Honors & Awards

  • SAP Stanford Graduate Fellowship in Science and Engineering, Stanford University (09/2019 - present)
  • Research Fellowship, Siegel Family Endowment (09/2022 – 07/2023)
  • PhD Research Fellowship, Stanford Center on Philanthropy and Civil Society (09/2022 - 06/2023)
  • Summer Collaborative Research Fellowship, Stanford Impact Labs (06/2022 - 09/2022)
  • American Democracy Fellowship, Stanford Center for American Democracy (02/2020 – 01/2021)
  • Student Fellowship, German Academic Scholarship Foundation (01/2014 - 06/2019)

Professional Affiliations and Activities

  • Member, Society for Personality and Social Psychology (SPSP) (2019 - Present)

Current Research and Scholarly Interests

Ruth Appel combines insights and methods from psychology, political science and computer science to develop and evaluate evidence-based personalized interventions to promote the social good. She is particularly passionate about preventing the spread of misinformation, encouraging political participation, promoting wellbeing and mental health, and addressing ethical challenges related to new technologies. Her current research projects include the 2020 Facebook Election Research Project and an online game to combat vaccine misinformation. She has also written about the ethics and privacy implications of new technologies.

Work Experience

  • User Experience Research Intern, Google LLC (6/2020 - 9/2020)


    San Francisco, CA

  • Associate in Research in the Health Division, Duke University, Center for Advanced Hindsight (2/2019 - 6/2019)


    Durham, NC, USA

  • Intern in the Fifth Committee Section, Delegation of the European Union to the United Nations (9/2016 - 12/2016)


    New York, NY, USA

  • Intern in the Strategy Department, Telekom Deutschland GmbH (4/2017 - 6/2017)


    Bonn, Germany

All Publications

  • Partisan conflict over content moderation is more than disagreement about facts. Science advances Appel, R. E., Pan, J., Roberts, M. E. 2023; 9 (44): eadg6799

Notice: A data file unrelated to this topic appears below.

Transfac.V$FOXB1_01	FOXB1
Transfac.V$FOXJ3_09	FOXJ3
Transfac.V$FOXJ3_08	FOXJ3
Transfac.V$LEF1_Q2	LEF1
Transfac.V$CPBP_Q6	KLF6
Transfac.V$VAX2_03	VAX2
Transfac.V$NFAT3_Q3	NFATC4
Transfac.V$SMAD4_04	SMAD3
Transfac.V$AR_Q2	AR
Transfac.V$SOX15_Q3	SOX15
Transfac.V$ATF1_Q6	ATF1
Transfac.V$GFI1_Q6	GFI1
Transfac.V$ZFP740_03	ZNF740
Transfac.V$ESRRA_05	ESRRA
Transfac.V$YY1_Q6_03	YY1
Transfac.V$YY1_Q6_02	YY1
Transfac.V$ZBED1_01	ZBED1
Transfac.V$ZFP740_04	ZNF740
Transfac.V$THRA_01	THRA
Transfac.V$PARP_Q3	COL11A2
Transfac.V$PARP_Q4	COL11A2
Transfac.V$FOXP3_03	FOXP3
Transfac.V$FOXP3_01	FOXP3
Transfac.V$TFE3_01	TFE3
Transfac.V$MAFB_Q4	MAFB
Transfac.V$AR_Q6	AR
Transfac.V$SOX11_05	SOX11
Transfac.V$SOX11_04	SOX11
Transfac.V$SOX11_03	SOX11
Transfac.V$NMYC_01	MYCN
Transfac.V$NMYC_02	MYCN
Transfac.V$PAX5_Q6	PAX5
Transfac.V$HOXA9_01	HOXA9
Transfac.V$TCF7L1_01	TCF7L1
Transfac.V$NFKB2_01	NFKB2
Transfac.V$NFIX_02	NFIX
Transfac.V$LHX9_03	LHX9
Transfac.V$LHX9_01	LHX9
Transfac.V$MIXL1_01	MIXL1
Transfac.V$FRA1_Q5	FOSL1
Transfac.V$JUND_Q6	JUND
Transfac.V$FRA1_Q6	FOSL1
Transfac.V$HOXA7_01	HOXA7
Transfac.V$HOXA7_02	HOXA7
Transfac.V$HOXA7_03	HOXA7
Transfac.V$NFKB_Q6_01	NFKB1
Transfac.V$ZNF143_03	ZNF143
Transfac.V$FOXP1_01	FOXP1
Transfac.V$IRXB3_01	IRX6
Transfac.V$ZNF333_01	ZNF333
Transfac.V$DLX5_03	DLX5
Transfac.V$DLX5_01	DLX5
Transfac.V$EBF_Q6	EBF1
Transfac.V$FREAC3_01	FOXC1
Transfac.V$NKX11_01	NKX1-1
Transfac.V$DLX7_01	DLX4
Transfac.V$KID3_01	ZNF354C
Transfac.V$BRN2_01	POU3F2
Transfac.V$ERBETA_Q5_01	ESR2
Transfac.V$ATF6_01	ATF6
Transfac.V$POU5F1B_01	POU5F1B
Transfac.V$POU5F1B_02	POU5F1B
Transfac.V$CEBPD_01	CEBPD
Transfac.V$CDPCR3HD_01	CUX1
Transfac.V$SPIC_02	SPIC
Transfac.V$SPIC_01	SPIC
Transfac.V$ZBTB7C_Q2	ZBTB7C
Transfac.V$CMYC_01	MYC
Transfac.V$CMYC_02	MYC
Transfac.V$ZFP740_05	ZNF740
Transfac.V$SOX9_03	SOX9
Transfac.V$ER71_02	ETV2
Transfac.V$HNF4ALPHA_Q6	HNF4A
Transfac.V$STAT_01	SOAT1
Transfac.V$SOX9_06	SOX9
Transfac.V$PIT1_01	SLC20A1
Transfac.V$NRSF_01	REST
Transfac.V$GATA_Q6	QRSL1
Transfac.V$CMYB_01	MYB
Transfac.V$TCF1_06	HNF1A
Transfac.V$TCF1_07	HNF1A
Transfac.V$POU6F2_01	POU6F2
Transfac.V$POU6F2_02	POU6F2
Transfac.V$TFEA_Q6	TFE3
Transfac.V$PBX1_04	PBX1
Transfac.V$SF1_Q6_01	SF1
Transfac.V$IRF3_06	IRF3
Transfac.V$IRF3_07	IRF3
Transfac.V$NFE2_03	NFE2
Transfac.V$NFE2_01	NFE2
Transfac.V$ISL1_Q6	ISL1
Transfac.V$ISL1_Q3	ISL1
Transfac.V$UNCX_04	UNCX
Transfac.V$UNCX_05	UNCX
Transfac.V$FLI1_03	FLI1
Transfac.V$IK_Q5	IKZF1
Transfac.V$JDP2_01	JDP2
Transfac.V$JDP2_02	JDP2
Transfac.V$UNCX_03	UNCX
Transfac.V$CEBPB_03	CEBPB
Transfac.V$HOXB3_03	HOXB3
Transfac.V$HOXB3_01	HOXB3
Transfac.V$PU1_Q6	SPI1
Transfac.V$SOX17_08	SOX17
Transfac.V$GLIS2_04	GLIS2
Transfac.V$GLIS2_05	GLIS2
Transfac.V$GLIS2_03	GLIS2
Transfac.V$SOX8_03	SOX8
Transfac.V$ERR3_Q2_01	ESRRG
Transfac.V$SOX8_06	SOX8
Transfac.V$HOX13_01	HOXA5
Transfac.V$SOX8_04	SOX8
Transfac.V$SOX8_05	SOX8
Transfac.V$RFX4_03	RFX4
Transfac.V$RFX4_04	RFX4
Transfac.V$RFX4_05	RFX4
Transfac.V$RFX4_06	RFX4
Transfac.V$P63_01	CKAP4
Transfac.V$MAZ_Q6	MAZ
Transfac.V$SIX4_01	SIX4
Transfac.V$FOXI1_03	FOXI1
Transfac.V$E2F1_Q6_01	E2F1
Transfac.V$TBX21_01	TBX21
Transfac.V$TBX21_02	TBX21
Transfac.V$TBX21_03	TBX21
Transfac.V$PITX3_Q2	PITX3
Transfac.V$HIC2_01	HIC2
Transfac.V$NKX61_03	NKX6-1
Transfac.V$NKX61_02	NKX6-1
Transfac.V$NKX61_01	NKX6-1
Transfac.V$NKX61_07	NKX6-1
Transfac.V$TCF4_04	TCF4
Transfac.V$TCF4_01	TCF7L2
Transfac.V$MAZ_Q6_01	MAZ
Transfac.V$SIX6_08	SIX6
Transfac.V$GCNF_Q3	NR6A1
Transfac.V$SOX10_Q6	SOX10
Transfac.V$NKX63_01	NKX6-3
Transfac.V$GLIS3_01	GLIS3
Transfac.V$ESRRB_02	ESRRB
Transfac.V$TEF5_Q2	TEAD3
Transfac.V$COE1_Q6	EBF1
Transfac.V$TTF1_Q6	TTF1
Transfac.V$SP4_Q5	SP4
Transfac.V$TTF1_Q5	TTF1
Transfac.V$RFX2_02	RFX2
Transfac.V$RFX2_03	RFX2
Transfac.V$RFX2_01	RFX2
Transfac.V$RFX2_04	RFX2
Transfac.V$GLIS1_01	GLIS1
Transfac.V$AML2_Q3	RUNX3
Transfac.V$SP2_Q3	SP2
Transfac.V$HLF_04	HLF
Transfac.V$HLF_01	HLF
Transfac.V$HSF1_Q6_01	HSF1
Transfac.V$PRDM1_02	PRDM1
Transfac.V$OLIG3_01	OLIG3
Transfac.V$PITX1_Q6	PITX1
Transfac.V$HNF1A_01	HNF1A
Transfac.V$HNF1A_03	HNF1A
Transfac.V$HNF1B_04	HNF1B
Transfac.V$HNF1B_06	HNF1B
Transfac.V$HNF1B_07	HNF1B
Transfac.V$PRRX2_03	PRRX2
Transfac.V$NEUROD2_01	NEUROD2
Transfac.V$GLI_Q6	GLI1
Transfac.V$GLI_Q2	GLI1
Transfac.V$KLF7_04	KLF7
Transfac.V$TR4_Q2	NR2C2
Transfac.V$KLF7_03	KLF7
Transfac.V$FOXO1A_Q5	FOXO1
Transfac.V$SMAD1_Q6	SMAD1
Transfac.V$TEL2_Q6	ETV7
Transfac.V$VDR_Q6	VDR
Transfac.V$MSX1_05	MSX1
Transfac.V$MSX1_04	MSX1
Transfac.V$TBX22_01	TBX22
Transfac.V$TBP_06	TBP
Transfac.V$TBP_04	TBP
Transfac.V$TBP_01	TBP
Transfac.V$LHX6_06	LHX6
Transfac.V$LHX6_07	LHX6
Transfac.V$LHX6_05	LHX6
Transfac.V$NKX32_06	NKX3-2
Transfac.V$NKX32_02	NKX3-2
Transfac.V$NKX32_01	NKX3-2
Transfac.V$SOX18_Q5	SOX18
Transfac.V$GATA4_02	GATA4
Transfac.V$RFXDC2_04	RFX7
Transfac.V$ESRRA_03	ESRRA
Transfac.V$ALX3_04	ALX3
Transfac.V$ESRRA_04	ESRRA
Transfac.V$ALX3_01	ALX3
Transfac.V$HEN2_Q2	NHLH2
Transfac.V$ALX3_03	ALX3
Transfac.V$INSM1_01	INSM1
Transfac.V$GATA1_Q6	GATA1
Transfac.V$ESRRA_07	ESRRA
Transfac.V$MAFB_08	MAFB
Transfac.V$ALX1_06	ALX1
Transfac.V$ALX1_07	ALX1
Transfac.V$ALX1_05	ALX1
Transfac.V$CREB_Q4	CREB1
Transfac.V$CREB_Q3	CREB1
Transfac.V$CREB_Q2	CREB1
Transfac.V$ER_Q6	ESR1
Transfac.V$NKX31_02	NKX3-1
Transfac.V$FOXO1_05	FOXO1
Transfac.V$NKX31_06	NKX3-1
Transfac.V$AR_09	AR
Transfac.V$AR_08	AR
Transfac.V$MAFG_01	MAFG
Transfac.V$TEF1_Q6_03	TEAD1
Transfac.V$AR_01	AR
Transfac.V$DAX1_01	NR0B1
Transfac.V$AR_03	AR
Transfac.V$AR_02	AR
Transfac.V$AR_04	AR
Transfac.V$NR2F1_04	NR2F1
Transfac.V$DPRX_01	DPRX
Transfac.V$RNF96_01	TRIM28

Social media companies have come under increasing pressure to remove misinformation from their platforms, but partisan disagreements over what should be removed have stymied efforts to deal with misinformation in the United States. Current explanations for these disagreements center on the "fact gap"-differences in perceptions about what is misinformation. We argue that partisan differences could also be due to "party promotion"-a desire to leave misinformation online that promotes one's own party-or a "preference gap"-differences in internalized preferences about whether misinformation should be removed. Through an experiment where respondents are shown false headlines aligned with their own or the opposing party, we find some evidence of party promotion among Democrats and strong evidence of a preference gap between Democrats and Republicans. Even when Republicans agree that content is false, they are half as likely as Democrats to say that the content should be removed and more than twice as likely to consider removal as censorship.

    View details for DOI 10.1126/sciadv.adg6799

    View details for PubMedID 37922349

    View details for PubMedCentralID PMC10624338

  • Privacy and ethics in the age of Big Data The psychology of technology: Social science research in the age of Big Data Matz, S. C., Appel, R., Croll, B. American Psychological Association. 2022: 379-420

    View details for DOI 10.1037/0000290-012

  • Psychological targeting in the age of Big Data Measuring and Modeling Persons and Situations Appel, R., Matz, S. Elsevier. 2021: 193-222
  • Privacy in the age of psychological targeting Current Opinion in Psychology Matz, S. C., Appel, R. E., Kosinski, M. 2020; 31: 116–121